Migration and Immigration
Explore Gallup's research.
A 39% plurality of Americans say the border situation is a crisis, and 33% consider it to be a major problem. Most Americans have sympathy for migrants.
Americans support immigration, generally. They also view immigrants positively for their cultural contributions but have concerns about their impact on drug and crime issues.
Gallup's latest data from Latin America and the Caribbean, collected before Title 42 expired, highlight that millions of adults would come to the U.S. if they could.
Americans' perspectives on what's ailing the country most were largely steady in April, except for sharp increases in those mentioning crime and guns.
Before Russia invaded Ukraine a year ago, a record-high 35% of Ukrainians said they would like to leave Ukraine permanently. But now, a record-low 9% say they want to leave.
Attitudes toward migrants warmed in 2022 among most of Ukraine's western neighbors, though these countries rank among the least accepting in the world.
Americans' satisfaction with the level of immigration into the U.S. was already low, but it has now has fallen to the lowest in a decade. More are dissatisfied because they want immigration decreased, but a wide partisan gulf persists.
In 2021, 16% of adults worldwide -- which projects to almost 900 million people -- said they would like to leave their own country permanently.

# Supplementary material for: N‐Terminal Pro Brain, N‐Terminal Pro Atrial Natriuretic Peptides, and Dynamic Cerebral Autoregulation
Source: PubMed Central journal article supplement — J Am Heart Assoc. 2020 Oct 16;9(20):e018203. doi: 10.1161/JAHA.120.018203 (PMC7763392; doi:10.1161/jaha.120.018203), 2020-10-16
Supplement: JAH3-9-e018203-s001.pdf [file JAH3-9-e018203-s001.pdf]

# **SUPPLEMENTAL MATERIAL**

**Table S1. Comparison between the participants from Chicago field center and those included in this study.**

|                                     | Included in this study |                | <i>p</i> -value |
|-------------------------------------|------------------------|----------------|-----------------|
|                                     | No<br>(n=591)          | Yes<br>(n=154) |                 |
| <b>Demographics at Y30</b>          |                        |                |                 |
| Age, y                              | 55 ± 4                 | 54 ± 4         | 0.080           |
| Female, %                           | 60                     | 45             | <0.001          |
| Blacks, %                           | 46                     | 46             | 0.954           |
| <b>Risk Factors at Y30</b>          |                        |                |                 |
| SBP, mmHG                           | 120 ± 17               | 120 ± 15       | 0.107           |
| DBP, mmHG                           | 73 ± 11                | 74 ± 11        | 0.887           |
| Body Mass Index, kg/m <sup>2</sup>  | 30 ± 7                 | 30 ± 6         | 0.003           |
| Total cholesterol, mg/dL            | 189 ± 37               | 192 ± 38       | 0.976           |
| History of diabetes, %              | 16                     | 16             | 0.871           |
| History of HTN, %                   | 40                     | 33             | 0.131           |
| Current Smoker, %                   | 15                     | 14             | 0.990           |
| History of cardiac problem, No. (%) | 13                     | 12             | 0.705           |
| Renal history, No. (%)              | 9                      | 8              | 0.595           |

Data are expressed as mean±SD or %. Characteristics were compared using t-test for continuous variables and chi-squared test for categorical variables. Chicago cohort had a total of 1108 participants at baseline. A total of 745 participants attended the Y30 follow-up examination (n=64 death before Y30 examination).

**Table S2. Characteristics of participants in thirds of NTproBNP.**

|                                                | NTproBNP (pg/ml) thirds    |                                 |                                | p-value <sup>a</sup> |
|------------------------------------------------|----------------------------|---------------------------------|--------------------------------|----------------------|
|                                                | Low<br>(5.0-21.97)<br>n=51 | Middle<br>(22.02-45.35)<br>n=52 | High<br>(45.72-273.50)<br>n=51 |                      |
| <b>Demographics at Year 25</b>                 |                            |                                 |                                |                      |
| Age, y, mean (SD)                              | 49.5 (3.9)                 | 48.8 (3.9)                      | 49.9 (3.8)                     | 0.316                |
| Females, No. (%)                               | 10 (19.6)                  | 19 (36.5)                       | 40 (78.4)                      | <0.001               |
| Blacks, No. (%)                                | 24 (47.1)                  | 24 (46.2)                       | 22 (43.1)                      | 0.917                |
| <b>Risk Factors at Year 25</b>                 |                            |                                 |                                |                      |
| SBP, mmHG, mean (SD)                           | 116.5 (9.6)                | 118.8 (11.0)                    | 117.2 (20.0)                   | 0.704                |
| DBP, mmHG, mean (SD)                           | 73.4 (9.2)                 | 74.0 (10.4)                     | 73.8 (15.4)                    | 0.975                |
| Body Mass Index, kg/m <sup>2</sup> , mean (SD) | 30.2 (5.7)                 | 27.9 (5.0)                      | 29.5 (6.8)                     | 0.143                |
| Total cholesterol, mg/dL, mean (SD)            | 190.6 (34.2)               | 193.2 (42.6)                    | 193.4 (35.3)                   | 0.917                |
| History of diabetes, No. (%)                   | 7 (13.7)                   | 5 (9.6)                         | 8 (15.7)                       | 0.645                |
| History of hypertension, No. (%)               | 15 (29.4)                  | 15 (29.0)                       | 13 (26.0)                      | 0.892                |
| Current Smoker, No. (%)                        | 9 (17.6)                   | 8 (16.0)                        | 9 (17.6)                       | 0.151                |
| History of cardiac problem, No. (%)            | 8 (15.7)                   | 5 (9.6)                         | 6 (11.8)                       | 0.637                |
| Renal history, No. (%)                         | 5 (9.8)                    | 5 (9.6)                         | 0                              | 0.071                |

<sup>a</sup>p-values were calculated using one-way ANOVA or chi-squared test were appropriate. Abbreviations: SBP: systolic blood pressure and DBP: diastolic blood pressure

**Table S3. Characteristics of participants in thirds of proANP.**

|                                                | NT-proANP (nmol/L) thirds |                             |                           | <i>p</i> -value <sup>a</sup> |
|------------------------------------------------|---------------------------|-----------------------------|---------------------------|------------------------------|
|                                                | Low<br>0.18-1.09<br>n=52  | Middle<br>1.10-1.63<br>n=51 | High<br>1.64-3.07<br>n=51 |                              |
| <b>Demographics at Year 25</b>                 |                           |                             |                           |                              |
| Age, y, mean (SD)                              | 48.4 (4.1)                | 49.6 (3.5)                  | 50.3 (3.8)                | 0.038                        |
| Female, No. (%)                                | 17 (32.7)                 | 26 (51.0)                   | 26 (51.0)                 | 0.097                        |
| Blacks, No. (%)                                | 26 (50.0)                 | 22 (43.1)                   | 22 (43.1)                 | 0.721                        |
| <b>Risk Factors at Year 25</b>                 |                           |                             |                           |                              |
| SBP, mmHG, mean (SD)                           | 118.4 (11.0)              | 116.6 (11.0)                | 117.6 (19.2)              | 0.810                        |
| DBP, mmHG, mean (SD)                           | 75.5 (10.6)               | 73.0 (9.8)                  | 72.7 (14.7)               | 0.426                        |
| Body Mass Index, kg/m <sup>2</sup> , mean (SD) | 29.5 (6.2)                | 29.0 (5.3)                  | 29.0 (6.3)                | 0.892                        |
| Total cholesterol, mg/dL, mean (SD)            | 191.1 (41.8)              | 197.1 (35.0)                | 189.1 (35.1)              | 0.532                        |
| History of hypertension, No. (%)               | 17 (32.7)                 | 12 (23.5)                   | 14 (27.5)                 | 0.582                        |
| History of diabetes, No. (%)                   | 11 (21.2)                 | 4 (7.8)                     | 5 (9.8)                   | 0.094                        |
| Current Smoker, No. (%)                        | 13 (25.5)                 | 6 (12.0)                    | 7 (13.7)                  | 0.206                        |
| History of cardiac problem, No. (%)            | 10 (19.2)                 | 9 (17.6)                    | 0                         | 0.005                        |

How many more people from Latin America could be coming to the southern U.S. border? And what message is U.S. leadership sending to them?
Read a review of where the American public stands on gun control, immigration, and climate change.
Americans offer mixed guidance on the future of immigration, although slightly more now say they want it decreased than increased. The shift is driven by Republicans.
France's election on Sunday could decide the country's future role in Europe. French adults grew fonder of the EU during incumbent Emmanuel Macron's first term, with 48% approving of its leadership in 2021, up from 39% in 2017.
Life was already extremely difficult in Afghanistan before the Taliban's return to power in 2021, but Gallup surveys detail unprecedented suffering among Afghans as the U.S. withdrew and the Taliban took over.
Hundreds of thousands of Afghans -- if not more -- have already fled their country since the Taliban seized power. Millions more would leave if they had the chance.
More than 500,000 refugees have fled Ukraine since Thursday, many of them crossing into Poland, Moldova and Romania. Of Ukraine's western neighbors, these three countries were the most welcoming of migrants in 2019.
Lebanon continues to spiral out of control. Record numbers are unable to afford the basics, and a skyrocketing percentage want to leave.
Canada ranks as the most-accepting country in the world for migrants, based on Gallup's latest Migrant Acceptance Index. The U.S. also still makes the list of most-accepting countries.
As the European Union unveils a new migration pact, Gallup finds the world growing less accepting of migrants, and a number of EU countries topping the list of the least-accepting countries in the world.